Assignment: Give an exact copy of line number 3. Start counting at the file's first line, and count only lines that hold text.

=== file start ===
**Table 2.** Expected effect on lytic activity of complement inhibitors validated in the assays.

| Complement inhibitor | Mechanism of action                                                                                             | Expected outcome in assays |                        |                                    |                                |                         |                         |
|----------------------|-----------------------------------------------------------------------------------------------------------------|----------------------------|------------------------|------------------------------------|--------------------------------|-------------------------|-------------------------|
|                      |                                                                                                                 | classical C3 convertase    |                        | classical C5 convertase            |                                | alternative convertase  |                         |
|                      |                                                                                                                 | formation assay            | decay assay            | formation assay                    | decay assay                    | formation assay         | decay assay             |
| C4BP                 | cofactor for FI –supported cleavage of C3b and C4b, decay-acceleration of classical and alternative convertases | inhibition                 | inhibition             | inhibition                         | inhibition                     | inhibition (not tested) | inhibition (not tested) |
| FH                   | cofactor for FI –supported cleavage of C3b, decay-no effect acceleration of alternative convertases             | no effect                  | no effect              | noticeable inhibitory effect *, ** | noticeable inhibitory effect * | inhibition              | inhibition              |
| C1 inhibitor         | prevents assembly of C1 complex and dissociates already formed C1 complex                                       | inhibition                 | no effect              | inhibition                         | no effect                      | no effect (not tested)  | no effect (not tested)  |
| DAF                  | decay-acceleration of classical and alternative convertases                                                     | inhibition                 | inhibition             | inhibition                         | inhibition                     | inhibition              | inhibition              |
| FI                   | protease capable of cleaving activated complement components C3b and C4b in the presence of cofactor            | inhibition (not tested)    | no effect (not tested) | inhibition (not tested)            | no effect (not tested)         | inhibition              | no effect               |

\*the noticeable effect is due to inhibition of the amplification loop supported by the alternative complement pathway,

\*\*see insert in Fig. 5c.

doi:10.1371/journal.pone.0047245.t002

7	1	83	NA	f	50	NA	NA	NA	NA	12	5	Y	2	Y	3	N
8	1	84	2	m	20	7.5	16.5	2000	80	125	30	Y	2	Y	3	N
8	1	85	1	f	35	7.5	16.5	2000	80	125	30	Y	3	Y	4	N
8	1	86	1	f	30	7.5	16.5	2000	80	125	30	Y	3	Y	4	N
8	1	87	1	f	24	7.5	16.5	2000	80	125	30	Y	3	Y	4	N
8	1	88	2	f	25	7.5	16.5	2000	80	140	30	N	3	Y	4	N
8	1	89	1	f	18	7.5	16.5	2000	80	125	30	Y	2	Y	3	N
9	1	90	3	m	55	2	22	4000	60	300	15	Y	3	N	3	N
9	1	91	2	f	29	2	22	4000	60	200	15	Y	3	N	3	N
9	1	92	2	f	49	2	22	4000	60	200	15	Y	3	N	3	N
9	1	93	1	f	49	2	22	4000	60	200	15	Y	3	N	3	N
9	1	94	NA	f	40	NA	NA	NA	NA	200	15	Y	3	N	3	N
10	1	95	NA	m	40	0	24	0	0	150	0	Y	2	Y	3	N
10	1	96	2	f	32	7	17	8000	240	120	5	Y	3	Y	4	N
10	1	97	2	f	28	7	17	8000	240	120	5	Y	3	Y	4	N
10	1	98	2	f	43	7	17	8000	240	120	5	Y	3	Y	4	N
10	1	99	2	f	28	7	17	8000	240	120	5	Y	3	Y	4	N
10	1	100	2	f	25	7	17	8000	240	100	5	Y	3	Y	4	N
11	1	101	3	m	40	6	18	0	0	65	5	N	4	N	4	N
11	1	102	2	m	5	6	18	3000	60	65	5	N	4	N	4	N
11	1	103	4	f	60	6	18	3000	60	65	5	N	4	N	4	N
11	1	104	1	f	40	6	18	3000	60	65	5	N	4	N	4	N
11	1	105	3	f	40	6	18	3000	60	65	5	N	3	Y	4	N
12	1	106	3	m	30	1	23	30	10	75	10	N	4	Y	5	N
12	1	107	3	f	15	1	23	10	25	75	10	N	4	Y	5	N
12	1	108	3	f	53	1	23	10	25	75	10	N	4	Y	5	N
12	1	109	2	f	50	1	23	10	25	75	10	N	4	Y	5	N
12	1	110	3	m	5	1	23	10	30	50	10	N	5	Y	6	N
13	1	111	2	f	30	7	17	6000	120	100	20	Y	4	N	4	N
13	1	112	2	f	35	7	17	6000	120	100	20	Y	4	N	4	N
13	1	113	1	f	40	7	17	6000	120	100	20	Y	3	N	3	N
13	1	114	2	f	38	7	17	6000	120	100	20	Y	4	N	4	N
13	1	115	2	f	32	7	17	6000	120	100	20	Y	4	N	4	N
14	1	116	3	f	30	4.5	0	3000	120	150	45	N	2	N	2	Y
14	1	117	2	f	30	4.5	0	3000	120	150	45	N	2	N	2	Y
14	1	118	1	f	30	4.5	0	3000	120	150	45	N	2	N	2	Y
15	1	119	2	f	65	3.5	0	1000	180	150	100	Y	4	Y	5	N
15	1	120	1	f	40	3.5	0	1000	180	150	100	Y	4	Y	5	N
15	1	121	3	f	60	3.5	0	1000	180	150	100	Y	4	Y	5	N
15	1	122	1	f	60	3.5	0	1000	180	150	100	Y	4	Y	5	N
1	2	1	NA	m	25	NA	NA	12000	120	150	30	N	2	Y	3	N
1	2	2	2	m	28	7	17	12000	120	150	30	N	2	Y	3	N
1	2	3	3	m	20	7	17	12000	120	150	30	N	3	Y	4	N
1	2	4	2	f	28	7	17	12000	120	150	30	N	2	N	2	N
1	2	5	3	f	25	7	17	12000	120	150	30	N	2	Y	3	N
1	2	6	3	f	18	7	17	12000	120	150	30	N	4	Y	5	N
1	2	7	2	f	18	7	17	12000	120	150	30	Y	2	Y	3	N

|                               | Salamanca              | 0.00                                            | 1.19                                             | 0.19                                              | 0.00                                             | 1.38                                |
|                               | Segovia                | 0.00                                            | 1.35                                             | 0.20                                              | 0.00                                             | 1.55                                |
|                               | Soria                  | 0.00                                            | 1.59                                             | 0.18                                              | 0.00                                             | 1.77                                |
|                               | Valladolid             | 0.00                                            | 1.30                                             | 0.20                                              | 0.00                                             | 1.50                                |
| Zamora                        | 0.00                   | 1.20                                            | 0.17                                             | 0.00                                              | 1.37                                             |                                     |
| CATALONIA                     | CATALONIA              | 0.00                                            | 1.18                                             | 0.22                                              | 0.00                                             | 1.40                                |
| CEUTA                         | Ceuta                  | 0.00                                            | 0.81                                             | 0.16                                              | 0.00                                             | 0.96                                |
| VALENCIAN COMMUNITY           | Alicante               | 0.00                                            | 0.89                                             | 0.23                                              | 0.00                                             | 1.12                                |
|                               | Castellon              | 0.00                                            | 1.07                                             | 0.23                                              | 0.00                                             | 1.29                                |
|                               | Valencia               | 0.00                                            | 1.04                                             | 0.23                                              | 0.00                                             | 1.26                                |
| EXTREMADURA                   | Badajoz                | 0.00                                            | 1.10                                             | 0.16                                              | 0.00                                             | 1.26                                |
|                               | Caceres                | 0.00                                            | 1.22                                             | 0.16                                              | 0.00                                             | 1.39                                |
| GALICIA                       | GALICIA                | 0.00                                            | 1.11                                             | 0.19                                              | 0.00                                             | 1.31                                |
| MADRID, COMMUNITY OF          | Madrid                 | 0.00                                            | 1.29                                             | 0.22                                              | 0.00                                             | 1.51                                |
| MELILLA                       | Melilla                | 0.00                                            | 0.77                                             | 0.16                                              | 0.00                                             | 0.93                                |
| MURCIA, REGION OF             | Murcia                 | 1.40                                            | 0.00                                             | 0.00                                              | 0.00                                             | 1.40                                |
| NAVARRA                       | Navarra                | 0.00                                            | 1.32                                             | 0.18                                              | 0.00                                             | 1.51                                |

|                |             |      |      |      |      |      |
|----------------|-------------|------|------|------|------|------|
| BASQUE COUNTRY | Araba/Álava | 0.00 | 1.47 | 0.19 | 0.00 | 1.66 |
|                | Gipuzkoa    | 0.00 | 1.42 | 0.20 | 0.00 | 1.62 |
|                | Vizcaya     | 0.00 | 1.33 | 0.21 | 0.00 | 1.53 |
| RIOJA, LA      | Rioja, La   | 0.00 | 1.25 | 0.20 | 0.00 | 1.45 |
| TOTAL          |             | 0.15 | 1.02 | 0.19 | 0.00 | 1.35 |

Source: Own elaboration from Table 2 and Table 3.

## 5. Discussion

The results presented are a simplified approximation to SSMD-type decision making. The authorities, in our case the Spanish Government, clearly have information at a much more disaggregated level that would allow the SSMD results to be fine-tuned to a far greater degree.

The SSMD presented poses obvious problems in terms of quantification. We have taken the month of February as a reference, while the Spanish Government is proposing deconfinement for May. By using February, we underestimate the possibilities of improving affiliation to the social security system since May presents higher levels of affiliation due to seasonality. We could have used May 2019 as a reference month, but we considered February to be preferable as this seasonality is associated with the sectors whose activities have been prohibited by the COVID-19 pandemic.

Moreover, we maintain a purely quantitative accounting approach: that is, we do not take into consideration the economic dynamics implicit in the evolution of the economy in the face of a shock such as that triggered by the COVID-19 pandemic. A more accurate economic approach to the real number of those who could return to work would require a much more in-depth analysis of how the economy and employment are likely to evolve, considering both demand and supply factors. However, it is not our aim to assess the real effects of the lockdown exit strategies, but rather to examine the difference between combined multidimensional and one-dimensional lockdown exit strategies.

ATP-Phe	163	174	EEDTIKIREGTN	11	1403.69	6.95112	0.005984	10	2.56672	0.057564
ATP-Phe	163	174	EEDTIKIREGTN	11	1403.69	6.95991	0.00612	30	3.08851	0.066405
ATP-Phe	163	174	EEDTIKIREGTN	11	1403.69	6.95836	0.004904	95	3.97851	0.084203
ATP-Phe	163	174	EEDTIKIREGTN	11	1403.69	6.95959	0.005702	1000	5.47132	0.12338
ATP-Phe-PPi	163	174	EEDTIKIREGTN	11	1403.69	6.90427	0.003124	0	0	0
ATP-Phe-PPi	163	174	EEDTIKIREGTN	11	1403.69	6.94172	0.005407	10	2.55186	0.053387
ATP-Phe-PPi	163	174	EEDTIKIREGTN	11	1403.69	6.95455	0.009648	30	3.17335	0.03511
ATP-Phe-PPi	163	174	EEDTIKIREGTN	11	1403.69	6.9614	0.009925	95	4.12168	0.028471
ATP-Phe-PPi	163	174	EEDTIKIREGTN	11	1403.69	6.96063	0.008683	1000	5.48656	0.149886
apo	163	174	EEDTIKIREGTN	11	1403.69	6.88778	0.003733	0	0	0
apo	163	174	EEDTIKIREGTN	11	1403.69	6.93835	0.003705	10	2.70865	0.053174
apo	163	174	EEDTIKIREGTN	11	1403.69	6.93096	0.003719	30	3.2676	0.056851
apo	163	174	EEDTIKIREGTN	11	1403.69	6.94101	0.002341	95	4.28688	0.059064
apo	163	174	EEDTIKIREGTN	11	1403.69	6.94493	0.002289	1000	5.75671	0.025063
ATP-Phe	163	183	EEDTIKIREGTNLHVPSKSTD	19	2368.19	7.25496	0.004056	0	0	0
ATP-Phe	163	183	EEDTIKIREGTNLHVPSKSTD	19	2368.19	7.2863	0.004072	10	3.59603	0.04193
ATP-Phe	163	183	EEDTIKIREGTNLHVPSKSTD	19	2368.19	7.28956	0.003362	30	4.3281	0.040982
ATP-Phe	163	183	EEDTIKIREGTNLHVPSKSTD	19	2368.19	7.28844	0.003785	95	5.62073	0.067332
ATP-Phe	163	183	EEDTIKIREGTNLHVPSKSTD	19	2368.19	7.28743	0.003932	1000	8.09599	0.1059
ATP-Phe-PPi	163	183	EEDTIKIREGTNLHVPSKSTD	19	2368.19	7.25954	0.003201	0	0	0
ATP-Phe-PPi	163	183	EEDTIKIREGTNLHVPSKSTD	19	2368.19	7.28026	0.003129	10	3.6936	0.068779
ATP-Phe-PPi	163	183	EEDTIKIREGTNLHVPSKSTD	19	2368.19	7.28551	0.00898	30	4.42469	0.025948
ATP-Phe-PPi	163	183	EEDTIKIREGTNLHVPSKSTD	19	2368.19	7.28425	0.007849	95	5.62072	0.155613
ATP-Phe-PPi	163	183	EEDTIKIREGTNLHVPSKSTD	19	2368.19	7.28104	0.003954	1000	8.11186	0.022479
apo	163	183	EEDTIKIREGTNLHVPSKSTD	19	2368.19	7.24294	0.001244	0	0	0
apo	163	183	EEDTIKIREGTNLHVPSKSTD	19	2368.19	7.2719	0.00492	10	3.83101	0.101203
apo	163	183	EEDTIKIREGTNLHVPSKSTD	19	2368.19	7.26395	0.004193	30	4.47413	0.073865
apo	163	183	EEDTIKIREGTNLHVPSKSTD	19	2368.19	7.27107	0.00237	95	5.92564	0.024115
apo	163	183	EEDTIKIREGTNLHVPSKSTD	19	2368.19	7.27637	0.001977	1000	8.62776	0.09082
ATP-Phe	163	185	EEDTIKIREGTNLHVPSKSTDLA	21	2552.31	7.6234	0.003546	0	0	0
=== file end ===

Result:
|----------------------|-----------------------------------------------------------------------------------------------------------------|----------------------------|------------------------|------------------------------------|--------------------------------|-------------------------|-------------------------|